Connecting Alzheimer's Disease to Vascular Disease
An extensive, intricate system of arteries and smaller capillaries brings a constant flow of oxygen and nutrients to every neuron in the brain. Consider that although the brain comprises only two percent of the body's mass, it uses 20 percent of the body's blood supply! The brain's vascular system is 400 miles long, with 400 billion capillaries. It is vital for brain health that these channels remain open.
Vascular conditions such as heart disease, high blood pressure, high cholesterol, and type 2 diabetes can damage and block the blood vessels throughout the body, including the brain. Vascular dementia, widely considered the second-most common type of dementia, can result when massive strokes, or a series of small strokes, damage the brain. In addition, there may also be an association between vascular disease and AD.
Possible connections have been examined over time in population studies. Scientists also have conducted many studies in animals to confirm the associations and tease out their possible causes. Clinical trials are now underway in humans to test whether actions that reduce vascular disease risk factors may also reduce AD risk.
This chapter highlights some of the important research into possible associations between AD and vascular disease. Because vascular diseases are so common, this line of research is critical. Dr. Thomas Beach, a neuropathologist at Sun Health Research Institute, describes its significance, "The great potential of the vascular hypothesis in Alzheimer's disease is that we may be able to replicate the success that scientists in cardiovascular disease have had in preventing heart attacks and strokes. It's always more difficult to cure a disease once it's happened than to prevent it." Beach notes that medical science has had great success in preventing heart attacks and preventing strokes with the use of cholesterol-lowering medication and blood-pressure-lowering medication. The great potential, he says is that if atherosclerotic vascular disease contributes even in part to Alzheimer's disease, we may be able to prevent it, to some extent, with drugs that are already tested and available.
Previous: Insulin Resistance and Diabetes
Next: Vascular Injury
Excerpted from THE ALZHEIMER'S PROJECT: MOMENTUM IN SCIENCE, published by Public Affairs, www.publicaffairsbooks.com.
In This Section
- Vascular Disease
- Insulin Resistance and Diabetes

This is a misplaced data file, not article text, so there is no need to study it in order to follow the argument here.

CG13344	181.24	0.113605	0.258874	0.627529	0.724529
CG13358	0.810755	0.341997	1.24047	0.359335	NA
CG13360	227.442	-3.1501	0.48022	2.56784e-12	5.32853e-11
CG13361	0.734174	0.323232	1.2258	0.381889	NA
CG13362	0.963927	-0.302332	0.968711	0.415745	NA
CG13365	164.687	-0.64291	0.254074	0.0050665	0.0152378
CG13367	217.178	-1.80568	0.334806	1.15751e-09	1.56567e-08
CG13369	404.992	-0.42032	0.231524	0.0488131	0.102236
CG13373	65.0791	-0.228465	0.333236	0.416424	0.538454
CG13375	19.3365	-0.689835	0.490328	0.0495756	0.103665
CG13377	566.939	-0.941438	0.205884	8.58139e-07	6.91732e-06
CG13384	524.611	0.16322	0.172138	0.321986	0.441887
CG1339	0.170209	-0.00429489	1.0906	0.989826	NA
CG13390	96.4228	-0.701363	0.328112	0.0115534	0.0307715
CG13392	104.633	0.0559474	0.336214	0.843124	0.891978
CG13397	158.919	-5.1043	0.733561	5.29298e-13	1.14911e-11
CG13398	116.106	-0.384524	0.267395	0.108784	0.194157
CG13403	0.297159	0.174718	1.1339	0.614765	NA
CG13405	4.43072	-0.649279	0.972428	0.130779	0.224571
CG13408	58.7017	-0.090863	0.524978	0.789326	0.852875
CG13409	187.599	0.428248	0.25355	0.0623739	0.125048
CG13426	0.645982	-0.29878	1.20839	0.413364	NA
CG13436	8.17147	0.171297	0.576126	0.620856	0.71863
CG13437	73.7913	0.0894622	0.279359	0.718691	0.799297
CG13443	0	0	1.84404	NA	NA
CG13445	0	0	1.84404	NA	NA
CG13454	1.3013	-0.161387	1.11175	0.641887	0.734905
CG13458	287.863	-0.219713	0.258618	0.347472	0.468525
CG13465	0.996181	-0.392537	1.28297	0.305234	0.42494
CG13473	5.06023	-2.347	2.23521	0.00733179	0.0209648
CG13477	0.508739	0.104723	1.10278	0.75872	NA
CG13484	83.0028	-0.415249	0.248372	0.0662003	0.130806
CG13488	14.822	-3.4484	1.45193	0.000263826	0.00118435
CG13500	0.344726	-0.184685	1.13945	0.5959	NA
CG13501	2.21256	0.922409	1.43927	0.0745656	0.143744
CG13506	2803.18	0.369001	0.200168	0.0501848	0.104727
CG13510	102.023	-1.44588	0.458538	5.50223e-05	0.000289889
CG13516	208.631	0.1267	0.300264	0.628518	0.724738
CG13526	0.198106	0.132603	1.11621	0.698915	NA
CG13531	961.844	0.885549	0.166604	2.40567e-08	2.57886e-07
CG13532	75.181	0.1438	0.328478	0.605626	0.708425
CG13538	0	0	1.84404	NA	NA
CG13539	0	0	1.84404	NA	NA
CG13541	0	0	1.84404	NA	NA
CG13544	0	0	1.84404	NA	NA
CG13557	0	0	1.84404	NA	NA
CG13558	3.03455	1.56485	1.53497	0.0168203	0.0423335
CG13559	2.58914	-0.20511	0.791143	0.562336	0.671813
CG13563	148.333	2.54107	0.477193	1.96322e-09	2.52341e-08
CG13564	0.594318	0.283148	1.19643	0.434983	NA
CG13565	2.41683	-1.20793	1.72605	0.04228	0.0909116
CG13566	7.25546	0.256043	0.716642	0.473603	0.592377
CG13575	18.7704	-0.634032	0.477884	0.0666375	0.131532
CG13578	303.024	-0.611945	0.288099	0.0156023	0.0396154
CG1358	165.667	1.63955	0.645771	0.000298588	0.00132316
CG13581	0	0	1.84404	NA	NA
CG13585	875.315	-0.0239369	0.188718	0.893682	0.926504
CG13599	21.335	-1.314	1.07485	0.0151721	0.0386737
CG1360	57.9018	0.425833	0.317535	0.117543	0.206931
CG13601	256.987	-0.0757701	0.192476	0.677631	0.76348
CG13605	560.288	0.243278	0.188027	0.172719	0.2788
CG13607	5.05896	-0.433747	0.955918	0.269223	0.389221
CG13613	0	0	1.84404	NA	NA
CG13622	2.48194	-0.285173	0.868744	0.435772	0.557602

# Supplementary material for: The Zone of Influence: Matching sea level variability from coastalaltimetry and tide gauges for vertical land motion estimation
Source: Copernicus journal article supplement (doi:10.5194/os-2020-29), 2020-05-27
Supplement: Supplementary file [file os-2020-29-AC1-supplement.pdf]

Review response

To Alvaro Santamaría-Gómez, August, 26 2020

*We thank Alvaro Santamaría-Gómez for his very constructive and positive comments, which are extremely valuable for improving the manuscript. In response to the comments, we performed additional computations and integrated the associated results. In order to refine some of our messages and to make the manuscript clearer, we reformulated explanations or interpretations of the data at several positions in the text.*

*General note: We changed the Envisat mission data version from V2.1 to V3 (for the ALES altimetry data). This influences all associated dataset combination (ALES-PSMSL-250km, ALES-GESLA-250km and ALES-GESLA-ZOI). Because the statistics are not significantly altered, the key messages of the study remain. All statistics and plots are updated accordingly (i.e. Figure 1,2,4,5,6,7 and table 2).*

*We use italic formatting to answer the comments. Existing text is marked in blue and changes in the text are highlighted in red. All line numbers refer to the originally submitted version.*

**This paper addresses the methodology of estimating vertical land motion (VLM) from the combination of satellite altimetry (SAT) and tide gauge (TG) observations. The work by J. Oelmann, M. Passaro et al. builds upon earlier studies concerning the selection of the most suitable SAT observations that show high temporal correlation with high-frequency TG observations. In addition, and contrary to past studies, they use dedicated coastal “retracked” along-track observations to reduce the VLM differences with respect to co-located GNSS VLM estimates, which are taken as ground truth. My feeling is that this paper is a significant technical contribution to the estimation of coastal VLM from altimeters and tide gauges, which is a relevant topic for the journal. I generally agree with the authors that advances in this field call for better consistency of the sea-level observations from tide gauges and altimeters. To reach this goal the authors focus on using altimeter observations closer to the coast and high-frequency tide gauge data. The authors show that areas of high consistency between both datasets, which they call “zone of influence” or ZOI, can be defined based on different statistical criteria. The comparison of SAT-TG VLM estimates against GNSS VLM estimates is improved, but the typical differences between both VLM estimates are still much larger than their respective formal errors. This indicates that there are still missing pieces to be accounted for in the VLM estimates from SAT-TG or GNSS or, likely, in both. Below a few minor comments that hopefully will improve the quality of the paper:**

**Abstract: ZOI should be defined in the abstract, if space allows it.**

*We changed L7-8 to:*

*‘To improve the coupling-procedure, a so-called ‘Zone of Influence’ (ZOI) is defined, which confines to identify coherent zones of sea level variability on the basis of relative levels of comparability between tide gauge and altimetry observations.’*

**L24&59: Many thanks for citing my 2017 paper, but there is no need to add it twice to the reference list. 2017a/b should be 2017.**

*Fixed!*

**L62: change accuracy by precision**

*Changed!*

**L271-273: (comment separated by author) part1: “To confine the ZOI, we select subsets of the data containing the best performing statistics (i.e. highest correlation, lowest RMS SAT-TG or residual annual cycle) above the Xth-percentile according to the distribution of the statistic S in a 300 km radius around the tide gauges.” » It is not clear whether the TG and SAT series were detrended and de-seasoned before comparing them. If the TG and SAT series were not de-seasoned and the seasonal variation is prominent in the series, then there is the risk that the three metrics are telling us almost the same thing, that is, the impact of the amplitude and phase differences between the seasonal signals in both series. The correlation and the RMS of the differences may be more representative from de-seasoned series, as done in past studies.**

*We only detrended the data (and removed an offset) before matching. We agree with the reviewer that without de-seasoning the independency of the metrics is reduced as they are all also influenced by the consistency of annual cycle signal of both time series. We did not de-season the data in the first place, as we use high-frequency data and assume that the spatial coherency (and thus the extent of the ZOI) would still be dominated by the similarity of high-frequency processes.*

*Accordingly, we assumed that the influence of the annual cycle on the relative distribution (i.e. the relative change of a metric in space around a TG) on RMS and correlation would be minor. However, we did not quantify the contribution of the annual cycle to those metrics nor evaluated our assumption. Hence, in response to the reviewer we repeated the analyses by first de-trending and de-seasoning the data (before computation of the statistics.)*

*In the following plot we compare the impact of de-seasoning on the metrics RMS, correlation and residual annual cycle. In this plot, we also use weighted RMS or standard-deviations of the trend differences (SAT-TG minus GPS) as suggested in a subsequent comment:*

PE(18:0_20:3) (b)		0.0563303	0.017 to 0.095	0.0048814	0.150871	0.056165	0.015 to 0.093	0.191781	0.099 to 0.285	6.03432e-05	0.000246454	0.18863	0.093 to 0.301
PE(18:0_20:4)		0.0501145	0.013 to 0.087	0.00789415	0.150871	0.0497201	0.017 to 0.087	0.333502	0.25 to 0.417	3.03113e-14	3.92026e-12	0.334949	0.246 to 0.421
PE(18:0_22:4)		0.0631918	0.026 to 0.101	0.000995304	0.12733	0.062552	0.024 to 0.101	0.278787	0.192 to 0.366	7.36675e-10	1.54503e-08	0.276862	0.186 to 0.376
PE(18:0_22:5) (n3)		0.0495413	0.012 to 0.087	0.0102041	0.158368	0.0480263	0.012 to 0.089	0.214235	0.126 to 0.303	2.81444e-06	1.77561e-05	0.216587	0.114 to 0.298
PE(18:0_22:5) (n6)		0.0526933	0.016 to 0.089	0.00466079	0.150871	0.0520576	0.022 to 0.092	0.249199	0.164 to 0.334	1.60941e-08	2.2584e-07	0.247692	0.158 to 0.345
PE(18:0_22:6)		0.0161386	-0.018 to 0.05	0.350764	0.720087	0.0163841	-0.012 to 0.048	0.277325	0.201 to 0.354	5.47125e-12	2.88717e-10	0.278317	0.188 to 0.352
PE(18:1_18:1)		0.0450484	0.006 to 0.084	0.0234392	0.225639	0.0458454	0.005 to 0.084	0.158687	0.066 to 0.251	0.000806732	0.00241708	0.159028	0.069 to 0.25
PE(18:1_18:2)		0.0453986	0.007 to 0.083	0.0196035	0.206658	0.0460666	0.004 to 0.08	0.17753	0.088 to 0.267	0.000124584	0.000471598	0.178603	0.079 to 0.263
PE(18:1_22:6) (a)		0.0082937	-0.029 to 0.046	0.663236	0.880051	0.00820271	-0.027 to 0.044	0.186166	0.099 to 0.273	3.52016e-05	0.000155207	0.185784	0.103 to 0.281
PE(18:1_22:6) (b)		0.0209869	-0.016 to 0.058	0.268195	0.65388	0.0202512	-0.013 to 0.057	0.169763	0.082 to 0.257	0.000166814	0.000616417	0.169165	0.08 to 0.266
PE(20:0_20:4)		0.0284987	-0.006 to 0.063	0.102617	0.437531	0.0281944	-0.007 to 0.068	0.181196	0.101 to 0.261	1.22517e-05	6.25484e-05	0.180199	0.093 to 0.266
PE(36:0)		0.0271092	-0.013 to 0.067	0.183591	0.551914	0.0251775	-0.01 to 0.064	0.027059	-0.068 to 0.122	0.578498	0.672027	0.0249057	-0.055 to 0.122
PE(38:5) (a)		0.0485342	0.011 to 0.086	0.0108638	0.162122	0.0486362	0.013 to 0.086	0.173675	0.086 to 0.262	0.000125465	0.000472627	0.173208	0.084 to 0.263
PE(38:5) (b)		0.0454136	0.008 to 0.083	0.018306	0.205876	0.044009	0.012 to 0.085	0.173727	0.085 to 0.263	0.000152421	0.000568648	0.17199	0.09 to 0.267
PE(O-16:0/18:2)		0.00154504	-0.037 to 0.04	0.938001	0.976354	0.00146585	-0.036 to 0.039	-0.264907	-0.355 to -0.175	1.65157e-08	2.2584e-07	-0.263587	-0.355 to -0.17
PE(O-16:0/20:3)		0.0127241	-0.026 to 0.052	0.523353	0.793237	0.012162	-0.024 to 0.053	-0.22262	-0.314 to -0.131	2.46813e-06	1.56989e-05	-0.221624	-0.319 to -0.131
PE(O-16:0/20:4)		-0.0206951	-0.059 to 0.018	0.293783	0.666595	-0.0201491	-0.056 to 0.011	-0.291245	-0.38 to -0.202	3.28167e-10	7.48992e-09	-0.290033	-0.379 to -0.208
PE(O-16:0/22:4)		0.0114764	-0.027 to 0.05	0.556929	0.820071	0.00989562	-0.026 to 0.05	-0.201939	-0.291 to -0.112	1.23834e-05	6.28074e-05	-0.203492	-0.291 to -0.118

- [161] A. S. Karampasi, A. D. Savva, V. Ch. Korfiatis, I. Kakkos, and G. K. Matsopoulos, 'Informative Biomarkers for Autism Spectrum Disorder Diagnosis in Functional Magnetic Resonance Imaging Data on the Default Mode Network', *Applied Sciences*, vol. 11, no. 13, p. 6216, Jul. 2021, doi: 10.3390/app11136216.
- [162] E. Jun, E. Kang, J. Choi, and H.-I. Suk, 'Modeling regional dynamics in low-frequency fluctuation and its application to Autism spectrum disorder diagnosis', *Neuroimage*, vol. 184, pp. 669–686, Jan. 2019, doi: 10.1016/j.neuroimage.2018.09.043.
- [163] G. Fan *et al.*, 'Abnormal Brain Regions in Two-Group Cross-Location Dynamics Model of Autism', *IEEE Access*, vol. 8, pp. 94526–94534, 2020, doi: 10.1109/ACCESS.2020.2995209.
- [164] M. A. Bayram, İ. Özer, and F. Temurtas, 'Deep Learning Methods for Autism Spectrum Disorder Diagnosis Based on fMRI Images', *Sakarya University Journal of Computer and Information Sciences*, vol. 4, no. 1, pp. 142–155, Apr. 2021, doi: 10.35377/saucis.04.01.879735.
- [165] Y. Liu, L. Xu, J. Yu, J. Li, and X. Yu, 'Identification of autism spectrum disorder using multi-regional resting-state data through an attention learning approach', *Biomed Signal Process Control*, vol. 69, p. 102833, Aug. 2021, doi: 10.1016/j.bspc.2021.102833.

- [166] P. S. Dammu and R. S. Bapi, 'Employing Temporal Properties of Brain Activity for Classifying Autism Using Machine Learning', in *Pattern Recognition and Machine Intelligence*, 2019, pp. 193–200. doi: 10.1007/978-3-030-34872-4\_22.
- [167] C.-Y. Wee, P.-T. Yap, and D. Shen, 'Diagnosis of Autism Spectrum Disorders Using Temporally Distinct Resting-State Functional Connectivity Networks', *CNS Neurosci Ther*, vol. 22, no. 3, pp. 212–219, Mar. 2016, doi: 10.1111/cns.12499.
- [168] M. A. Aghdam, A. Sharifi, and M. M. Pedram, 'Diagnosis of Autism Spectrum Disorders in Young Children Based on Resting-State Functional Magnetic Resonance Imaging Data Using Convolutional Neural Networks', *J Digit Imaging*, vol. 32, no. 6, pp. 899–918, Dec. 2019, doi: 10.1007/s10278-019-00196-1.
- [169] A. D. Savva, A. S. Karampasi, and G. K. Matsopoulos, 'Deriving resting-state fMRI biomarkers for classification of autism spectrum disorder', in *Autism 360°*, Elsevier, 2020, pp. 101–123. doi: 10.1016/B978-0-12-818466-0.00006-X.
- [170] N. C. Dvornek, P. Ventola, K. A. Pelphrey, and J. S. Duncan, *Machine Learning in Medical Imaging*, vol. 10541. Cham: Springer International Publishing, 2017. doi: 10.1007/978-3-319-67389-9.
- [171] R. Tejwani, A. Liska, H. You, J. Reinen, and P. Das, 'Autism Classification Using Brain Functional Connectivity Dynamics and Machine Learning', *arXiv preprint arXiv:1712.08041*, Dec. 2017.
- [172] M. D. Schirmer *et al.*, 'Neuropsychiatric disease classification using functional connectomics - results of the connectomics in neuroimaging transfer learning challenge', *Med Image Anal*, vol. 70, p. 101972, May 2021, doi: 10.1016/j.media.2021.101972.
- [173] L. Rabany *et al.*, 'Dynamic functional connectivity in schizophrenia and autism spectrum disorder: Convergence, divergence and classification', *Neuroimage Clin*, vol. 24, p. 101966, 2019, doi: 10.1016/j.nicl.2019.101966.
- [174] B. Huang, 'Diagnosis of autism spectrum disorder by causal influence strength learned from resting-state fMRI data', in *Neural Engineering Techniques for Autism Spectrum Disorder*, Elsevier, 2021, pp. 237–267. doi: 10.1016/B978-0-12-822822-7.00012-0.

- Connecting Alzheimer's Disease to Vascular Disease
- Vascular Injury
- Vascular Dementia and Alzheimer's Disease
- The Problem of Cholesterol
- What's Good for the Heart is Good for the Brain
- Atherosclerosis and Alzheimer's Disease
- Associating Alzheimer's Disease with Insulin Resistance and Diabetes
- Diabetes and Insulin Resistance
- Insulin in the Brain
Momentum in Science: The Supplementary Series
- Understanding and Attacking Alzheimer's 12 min
- How Far We Have Come in Alzheimer's Research 15 min
- Identifying Mild Cognitive Impairment 20 min
- The Role of Genetics in Alzheimer's 12 min
- Advances in Brain Imaging 11 min
- Looking Into the Future of Alzheimer's 6 min
- The Connection Between Insulin and Alzheimer's 21 min
- Inflammation, the Immune System, and Alzheimer's 29 min
- The Benefit of Diet and Exercise in Alzheimer's 16 min
- Cognitive Reserve: What the Religious Orders Study is Revealing about Alzheimer's 20 min
- Searching for an Alzheimer's Cure: The Story of Flurizan 30 min
- The Pulse of Drug Development 15 min
- The DeMoe Family: Early-Onset Alzheimer's Genetics 25 min
- The Nanney/Felts Family: Late-Onset Alzheimer's Genetics 20 min
- The Quest for Biomarkers 17 min
Video: Inside the Brain: Unraveling the Mystery of Alzheimer's Disease
This 4-minute captioned video shows the progression of Alzheimer's disease in the brain.
Inside the Brain: An Interactive Tour
The Brain Tour explains how the brain works and how Alzheimer's affects it.
Alzheimer's Disease: Unraveling the Mystery
This book explains what AD is, describes the main areas in which researchers are working, and highlights new approaches for helping families and friends care for people with AD.
- About The Scientists
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- Rapid advances in our knowledge about AD have led to the development of promising new drugs and treatment strategies. However, before these new strategies can be used in clinical practice, they must be shown to work in people. Advances in prevention and treatment are only possible thanks to volunteers who participate in clinical trials.
- Among those touched by Alzheimer's (excluding self), nearly one-third provide support as a friend or relative, another 3% provide support as a healthcare professional, and the remaining two-thirds provide no support to the person suffering from Alzheimer's. When support is provided, it most often entails emotional support, followed by care-giving support. While small in comparison, more than one person in ten is providing financial support. Read more.